The Other Aids Crisis

AIDS is not new to India. For many years the disease was confined mostly to drug users and prostitutes, which made it easier for the rest of the country to pretend it didn't exist. And with a raging tuberculosis epidemic and periodic outbreaks of the bubonic plague, there's been no shortage of health crises. But while nobody was looking, AIDS crept into the general population. Currently 0.7 percent of all adults are thought to carry the virus; health officials consider 1 percent an epidemic. Now India is at a crossroads. Even the most favorable prospect is downright chilling. Public-health officials are happy to contemplate a mere sixfold increase in infections by 2004--about 20 million adults. The alternative is even grimmer. If infections are allowed to climb beyond 5 percent of the adult population, scientists believe the chances of keeping the disease from greatly accelerating, at the cost of millions of lives, would be slim. India, in other words, is teetering on the brink of becoming another sub-Saharan Africa. "It's like a fire," says Dr. Salim Habayeb, the World Bank's lead public-health specialist for South Asia. "In the beginning, it's easy to control because you can go to the source. We are trying to put out the fire before it is too late."

But what if society keeps that source under wraps? India may be the land of the Kama Sutra, but sex is not a topic for polite conversation. Public-health officials have long despaired of this taboo because it makes the task of raising the public's awareness of sexually transmitted diseases all the more difficult. Some swimming-pool owners maintain separate hours for women and men. Marriages are often arranged. And sex education is virtually nonexistent. But in the big cities, in truck stops that dot the country and in towns where migrant laborers toil far away from their families, an underworld of illicit sex supports 2 million to 5 million prostitutes. Most Indians prefer to ignore it. So when the first AIDS case surfaced in Chennai (formerly Madras) in 1986, the government argued that AIDS was a Western disease that wouldn't affect their uniquely moral society.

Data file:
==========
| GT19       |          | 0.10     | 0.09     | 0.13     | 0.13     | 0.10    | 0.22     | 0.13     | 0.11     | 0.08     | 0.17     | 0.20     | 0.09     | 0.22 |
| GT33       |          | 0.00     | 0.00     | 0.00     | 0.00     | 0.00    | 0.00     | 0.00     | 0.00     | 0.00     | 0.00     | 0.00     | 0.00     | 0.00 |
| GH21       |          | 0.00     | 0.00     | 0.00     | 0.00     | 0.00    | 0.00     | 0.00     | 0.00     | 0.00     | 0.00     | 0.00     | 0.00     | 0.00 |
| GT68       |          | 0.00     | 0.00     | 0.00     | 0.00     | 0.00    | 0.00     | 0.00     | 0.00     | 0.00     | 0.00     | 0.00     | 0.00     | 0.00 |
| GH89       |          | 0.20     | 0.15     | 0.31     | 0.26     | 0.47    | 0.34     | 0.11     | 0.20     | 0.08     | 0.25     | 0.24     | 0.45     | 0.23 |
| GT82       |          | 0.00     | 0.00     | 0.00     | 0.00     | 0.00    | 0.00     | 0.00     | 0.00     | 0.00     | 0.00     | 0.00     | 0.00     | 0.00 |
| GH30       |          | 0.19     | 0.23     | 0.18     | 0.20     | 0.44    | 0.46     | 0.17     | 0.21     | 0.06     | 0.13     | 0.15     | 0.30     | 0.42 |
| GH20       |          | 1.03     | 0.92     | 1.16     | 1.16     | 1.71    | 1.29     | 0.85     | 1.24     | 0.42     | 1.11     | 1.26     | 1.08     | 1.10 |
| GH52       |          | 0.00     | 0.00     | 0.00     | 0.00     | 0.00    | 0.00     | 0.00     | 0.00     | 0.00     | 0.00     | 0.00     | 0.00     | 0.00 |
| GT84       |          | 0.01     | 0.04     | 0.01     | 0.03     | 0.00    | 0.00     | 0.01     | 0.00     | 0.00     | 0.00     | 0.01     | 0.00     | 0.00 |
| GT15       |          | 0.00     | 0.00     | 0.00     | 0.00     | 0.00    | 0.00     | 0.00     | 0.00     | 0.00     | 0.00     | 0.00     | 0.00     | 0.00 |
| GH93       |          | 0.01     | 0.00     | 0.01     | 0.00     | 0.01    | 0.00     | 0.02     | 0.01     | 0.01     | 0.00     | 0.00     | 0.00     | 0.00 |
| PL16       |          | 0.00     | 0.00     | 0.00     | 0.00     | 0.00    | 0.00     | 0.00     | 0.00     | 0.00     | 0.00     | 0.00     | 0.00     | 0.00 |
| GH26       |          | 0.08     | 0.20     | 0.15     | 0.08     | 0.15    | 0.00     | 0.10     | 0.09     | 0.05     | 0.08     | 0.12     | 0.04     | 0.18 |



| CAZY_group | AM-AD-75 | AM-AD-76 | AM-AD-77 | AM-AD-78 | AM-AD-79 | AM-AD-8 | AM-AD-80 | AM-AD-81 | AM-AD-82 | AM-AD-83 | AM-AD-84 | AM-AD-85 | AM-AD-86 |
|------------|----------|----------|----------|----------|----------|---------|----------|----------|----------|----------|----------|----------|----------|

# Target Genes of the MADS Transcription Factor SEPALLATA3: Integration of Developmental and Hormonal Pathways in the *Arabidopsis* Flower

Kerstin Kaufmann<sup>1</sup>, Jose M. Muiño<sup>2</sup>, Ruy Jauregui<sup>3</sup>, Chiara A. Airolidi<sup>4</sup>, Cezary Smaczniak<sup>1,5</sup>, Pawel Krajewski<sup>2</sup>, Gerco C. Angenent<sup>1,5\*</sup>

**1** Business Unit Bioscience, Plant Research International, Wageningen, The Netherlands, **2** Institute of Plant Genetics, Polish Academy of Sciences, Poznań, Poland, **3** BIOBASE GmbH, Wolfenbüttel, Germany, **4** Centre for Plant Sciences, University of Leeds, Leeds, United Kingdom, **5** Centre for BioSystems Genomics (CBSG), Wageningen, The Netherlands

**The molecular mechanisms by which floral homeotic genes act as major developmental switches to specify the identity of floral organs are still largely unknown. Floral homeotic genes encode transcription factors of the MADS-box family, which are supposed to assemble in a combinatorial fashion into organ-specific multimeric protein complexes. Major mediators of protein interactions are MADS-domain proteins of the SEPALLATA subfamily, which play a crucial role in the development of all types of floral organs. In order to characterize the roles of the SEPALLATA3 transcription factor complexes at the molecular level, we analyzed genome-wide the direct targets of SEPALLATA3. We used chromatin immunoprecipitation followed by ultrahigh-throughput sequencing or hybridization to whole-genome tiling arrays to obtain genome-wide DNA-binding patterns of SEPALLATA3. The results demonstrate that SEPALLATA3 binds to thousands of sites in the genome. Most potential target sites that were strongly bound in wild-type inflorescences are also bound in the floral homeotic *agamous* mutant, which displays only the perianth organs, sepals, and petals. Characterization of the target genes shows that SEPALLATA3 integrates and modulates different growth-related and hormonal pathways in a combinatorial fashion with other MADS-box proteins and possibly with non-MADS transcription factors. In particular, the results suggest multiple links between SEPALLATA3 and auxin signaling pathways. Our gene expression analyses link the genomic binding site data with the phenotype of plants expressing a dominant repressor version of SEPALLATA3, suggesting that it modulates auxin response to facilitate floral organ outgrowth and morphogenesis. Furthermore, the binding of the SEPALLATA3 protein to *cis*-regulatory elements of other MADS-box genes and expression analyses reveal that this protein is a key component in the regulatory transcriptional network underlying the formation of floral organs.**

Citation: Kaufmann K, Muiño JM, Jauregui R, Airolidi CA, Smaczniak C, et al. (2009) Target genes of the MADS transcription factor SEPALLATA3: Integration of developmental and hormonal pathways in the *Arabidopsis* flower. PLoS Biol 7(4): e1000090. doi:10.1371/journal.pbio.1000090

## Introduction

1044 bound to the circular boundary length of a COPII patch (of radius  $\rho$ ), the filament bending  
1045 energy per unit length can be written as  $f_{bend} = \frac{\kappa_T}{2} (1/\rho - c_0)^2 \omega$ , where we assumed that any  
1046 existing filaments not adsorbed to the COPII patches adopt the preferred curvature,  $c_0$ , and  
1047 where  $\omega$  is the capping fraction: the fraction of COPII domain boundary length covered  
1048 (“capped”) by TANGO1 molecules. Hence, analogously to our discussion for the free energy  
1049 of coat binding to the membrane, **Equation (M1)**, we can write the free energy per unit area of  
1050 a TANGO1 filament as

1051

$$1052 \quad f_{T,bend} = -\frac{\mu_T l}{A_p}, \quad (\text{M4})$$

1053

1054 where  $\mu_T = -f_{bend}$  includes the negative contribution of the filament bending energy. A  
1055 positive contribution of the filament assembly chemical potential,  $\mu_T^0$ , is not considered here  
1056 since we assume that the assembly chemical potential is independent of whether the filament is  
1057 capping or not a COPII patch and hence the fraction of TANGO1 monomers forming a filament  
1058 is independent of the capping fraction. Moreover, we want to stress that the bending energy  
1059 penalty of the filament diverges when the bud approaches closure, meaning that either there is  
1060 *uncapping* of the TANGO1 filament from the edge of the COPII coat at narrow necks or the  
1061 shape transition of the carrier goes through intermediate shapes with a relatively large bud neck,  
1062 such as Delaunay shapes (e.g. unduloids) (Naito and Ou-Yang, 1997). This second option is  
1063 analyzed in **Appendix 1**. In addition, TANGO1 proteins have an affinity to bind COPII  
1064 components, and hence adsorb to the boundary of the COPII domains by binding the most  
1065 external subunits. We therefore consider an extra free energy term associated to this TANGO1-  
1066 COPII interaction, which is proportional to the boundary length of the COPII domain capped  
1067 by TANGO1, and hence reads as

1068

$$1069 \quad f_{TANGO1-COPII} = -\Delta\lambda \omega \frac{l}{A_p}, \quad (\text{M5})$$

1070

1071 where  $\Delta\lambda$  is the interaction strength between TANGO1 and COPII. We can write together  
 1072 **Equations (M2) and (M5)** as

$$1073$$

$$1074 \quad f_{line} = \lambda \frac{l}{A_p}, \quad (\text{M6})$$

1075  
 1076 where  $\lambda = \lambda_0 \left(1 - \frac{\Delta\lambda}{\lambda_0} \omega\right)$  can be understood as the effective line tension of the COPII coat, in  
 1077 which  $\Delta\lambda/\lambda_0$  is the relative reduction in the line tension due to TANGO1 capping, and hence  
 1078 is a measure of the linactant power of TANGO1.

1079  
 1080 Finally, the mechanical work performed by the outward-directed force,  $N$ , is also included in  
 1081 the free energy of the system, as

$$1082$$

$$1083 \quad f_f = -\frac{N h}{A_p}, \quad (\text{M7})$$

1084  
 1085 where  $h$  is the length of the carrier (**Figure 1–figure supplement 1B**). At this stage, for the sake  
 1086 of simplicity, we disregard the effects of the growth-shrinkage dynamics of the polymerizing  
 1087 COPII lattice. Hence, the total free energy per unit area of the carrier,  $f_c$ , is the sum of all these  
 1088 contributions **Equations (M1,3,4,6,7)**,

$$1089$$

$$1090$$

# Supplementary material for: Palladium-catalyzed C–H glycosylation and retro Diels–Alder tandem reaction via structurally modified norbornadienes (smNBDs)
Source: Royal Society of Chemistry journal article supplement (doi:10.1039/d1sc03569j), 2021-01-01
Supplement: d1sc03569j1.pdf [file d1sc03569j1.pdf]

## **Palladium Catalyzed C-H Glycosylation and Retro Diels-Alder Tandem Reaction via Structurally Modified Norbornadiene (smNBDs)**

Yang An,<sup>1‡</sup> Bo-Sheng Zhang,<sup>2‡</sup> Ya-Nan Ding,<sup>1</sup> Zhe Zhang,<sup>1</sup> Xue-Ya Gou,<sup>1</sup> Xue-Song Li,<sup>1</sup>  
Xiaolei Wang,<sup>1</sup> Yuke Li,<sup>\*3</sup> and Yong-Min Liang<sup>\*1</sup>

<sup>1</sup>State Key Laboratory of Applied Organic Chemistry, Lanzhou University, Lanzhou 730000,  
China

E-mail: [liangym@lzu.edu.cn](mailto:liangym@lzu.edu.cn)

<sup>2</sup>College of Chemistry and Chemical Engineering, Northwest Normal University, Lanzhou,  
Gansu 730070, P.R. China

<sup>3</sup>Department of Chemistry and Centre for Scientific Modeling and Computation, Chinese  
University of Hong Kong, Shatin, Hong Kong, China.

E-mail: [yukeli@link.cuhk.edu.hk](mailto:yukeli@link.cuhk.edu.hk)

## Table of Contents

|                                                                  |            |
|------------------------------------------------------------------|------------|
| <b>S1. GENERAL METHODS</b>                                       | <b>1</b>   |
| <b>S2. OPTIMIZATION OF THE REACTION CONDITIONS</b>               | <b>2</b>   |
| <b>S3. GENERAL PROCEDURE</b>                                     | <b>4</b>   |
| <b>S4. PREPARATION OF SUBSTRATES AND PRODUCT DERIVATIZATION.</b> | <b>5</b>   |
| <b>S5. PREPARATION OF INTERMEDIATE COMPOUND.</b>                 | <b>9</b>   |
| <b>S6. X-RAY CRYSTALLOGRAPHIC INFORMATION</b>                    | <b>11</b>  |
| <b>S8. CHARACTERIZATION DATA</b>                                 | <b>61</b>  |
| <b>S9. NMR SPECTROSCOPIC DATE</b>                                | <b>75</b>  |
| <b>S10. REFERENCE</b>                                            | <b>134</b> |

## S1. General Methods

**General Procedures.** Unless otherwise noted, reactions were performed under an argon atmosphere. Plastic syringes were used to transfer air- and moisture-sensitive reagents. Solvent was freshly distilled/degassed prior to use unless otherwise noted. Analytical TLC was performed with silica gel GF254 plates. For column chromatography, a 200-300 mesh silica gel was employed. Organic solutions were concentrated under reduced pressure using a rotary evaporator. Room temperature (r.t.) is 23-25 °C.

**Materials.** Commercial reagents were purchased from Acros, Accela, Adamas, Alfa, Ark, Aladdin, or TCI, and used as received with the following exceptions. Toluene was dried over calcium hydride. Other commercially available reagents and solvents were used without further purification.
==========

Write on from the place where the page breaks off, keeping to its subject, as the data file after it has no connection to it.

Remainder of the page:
It was a big mistake. Insidiously, the disease spread into high-risk populations--prostitutes, IV drug users, patients with sexually transmitted diseases. It spread from brothel to brothel, through the blood supply and shared needles. It spread from the cities to the country. Eventually it spread to innocent women like Manisha Talwar. Her in-laws banished her and her 2-year-old son to the streets after the death of her husband. She found out five months later that he had died of AIDS--and had passed it on to her and her son, Rajan (not their real names). The in-laws had hidden not only her husband's illness from her but also the results of her own blood test, which showed positive for HIV. "I felt as if a mountain had fallen on my shoulders," says the tiny, dark-eyed woman. "I cursed my husband. If he knew he had AIDS, he had no business ruining my life and his child's."

There were warnings of the epidemic to come. In the region of Manipur on the Burmese border, the number of HIV-positive drug users rose from 5 percent to 50 percent during a two-year period in the late 1980s. "Back then I barely knew anything about HIV," says Tuanz, a former addict from the region who is HIV-positive. "By the time we knew about AIDS it was too late for precautions." In Mumbai (Bombay), nearly 40 percent of the city's prostitutes were infected with the virus by 1991. In southern Tamil Nadu province in 1992, tests revealed that only one quarter of blood supplies were tested for the virus, and that 15 percent of local cases reported were caused by contaminated blood.

That year the government began accepting aid from abroad. The World Health Organization and the U.S. Centers for Disease Control helped design a program to combat the epidemic, and the World Bank contributed $85 million. The Indian government began lobbying each of the country's 32 states and territories to participate.